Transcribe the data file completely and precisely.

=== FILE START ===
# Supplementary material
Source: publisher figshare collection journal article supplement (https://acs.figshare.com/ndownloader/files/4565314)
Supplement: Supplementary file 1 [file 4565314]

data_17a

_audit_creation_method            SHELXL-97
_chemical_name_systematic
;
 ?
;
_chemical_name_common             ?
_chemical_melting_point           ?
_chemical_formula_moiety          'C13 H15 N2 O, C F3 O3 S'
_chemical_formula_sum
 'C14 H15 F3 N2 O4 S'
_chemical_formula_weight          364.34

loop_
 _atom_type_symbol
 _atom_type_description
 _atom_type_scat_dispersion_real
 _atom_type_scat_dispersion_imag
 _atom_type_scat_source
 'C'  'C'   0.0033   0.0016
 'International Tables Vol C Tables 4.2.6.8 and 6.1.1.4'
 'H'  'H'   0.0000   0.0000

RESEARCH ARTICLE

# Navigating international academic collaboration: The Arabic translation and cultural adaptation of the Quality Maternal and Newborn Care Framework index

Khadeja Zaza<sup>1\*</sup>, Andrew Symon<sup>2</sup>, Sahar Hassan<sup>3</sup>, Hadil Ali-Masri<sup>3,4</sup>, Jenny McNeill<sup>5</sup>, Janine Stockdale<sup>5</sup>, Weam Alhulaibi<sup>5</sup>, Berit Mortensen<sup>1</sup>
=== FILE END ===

# Supplementary material
Source: publisher figshare collection journal article supplement (https://acs.figshare.com/ndownloader/files/4565314)
Supplement: Supplementary file 1 [file 4565314]

data_17a

_audit_creation_method            SHELXL-97
_chemical_name_systematic
;
 ?
;
_chemical_name_common             ?
_chemical_melting_point           ?
_chemical_formula_moiety          'C13 H15 N2 O, C F3 O3 S'
_chemical_formula_sum
 'C14 H15 F3 N2 O4 S'
_chemical_formula_weight          364.34

loop_
 _atom_type_symbol
 _atom_type_description
 _atom_type_scat_dispersion_real
 _atom_type_scat_dispersion_imag
 _atom_type_scat_source
 'C'  'C'   0.0033   0.0016
 'International Tables Vol C Tables 4.2.6.8 and 6.1.1.4'
 'H'  'H'   0.0000   0.0000

RESEARCH ARTICLE

# Navigating international academic collaboration: The Arabic translation and cultural adaptation of the Quality Maternal and Newborn Care Framework index

Khadeja Zaza<sup>1\*</sup>, Andrew Symon<sup>2</sup>, Sahar Hassan<sup>3</sup>, Hadil Ali-Masri<sup>3,4</sup>, Jenny McNeill<sup>5</sup>, Janine Stockdale<sup>5</sup>, Weam Alhulaibi<sup>5</sup>, Berit Mortensen<sup>1</sup>